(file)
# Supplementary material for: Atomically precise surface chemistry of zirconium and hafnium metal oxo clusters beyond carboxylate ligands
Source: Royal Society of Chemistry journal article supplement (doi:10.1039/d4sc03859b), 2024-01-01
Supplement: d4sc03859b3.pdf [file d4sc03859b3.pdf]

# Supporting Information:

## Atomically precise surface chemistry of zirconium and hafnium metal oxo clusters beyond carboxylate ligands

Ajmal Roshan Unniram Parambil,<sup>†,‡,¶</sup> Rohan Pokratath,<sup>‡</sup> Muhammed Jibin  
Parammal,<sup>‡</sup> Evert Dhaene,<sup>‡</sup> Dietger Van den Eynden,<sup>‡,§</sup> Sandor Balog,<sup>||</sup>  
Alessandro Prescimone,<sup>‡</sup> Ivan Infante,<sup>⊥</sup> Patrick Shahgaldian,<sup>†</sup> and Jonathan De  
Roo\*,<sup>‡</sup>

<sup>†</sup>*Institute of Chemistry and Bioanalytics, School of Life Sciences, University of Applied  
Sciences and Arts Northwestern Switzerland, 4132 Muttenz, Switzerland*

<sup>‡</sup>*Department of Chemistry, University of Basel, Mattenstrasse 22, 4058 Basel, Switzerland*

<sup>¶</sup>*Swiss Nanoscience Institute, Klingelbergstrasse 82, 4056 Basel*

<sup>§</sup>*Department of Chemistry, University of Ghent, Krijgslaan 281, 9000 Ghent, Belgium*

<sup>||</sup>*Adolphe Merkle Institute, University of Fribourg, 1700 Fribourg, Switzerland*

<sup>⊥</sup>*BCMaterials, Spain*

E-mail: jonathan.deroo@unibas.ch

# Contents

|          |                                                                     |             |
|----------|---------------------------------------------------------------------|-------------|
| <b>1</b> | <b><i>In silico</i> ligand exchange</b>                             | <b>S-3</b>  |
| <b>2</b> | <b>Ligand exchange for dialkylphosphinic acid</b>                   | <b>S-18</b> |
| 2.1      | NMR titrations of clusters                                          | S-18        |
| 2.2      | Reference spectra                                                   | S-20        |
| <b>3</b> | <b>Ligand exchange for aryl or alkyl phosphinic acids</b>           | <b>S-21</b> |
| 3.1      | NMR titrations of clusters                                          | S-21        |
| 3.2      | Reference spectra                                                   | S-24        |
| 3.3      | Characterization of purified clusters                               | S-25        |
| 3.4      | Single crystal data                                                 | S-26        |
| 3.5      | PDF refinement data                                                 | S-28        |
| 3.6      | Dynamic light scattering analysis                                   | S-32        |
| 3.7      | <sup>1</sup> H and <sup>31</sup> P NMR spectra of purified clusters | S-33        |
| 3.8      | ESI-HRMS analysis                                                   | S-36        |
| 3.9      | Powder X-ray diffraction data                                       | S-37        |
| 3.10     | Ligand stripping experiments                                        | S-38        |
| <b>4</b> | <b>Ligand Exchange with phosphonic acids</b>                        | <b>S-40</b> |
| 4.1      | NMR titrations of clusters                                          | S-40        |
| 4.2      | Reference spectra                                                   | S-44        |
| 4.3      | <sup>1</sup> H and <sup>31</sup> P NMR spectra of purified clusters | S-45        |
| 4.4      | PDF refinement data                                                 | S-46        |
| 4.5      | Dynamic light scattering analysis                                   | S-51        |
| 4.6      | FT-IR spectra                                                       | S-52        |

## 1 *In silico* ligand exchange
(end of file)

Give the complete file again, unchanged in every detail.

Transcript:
# Supplementary material for: Atomically precise surface chemistry of zirconium and hafnium metal oxo clusters beyond carboxylate ligands
Source: Royal Society of Chemistry journal article supplement (doi:10.1039/d4sc03859b), 2024-01-01
Supplement: d4sc03859b3.pdf [file d4sc03859b3.pdf]

# Supporting Information:

## Atomically precise surface chemistry of zirconium and hafnium metal oxo clusters beyond carboxylate ligands

Ajmal Roshan Unniram Parambil,<sup>†,‡,¶</sup> Rohan Pokratath,<sup>‡</sup> Muhammed Jibin  
Parammal,<sup>‡</sup> Evert Dhaene,<sup>‡</sup> Dietger Van den Eynden,<sup>‡,§</sup> Sandor Balog,<sup>||</sup>  
Alessandro Prescimone,<sup>‡</sup> Ivan Infante,<sup>⊥</sup> Patrick Shahgaldian,<sup>†</sup> and Jonathan De  
Roo\*,<sup>‡</sup>

<sup>†</sup>*Institute of Chemistry and Bioanalytics, School of Life Sciences, University of Applied  
Sciences and Arts Northwestern Switzerland, 4132 Muttenz, Switzerland*

<sup>‡</sup>*Department of Chemistry, University of Basel, Mattenstrasse 22, 4058 Basel, Switzerland*

<sup>¶</sup>*Swiss Nanoscience Institute, Klingelbergstrasse 82, 4056 Basel*

<sup>§</sup>*Department of Chemistry, University of Ghent, Krijgslaan 281, 9000 Ghent, Belgium*

<sup>||</sup>*Adolphe Merkle Institute, University of Fribourg, 1700 Fribourg, Switzerland*

<sup>⊥</sup>*BCMaterials, Spain*

E-mail: jonathan.deroo@unibas.ch

# Contents

|          |                                                                     |             |
|----------|---------------------------------------------------------------------|-------------|
| <b>1</b> | <b><i>In silico</i> ligand exchange</b>                             | <b>S-3</b>  |
| <b>2</b> | <b>Ligand exchange for dialkylphosphinic acid</b>                   | <b>S-18</b> |
| 2.1      | NMR titrations of clusters                                          | S-18        |
| 2.2      | Reference spectra                                                   | S-20        |
| <b>3</b> | <b>Ligand exchange for aryl or alkyl phosphinic acids</b>           | <b>S-21</b> |
| 3.1      | NMR titrations of clusters                                          | S-21        |
| 3.2      | Reference spectra                                                   | S-24        |
| 3.3      | Characterization of purified clusters                               | S-25        |
| 3.4      | Single crystal data                                                 | S-26        |
| 3.5      | PDF refinement data                                                 | S-28        |
| 3.6      | Dynamic light scattering analysis                                   | S-32        |
| 3.7      | <sup>1</sup> H and <sup>31</sup> P NMR spectra of purified clusters | S-33        |
| 3.8      | ESI-HRMS analysis                                                   | S-36        |
| 3.9      | Powder X-ray diffraction data                                       | S-37        |
| 3.10     | Ligand stripping experiments                                        | S-38        |
| <b>4</b> | <b>Ligand Exchange with phosphonic acids</b>                        | <b>S-40</b> |
| 4.1      | NMR titrations of clusters                                          | S-40        |
| 4.2      | Reference spectra                                                   | S-44        |
| 4.3      | <sup>1</sup> H and <sup>31</sup> P NMR spectra of purified clusters | S-45        |
| 4.4      | PDF refinement data                                                 | S-46        |
| 4.5      | Dynamic light scattering analysis                                   | S-51        |
| 4.6      | FT-IR spectra                                                       | S-52        |

## 1 *In silico* ligand exchange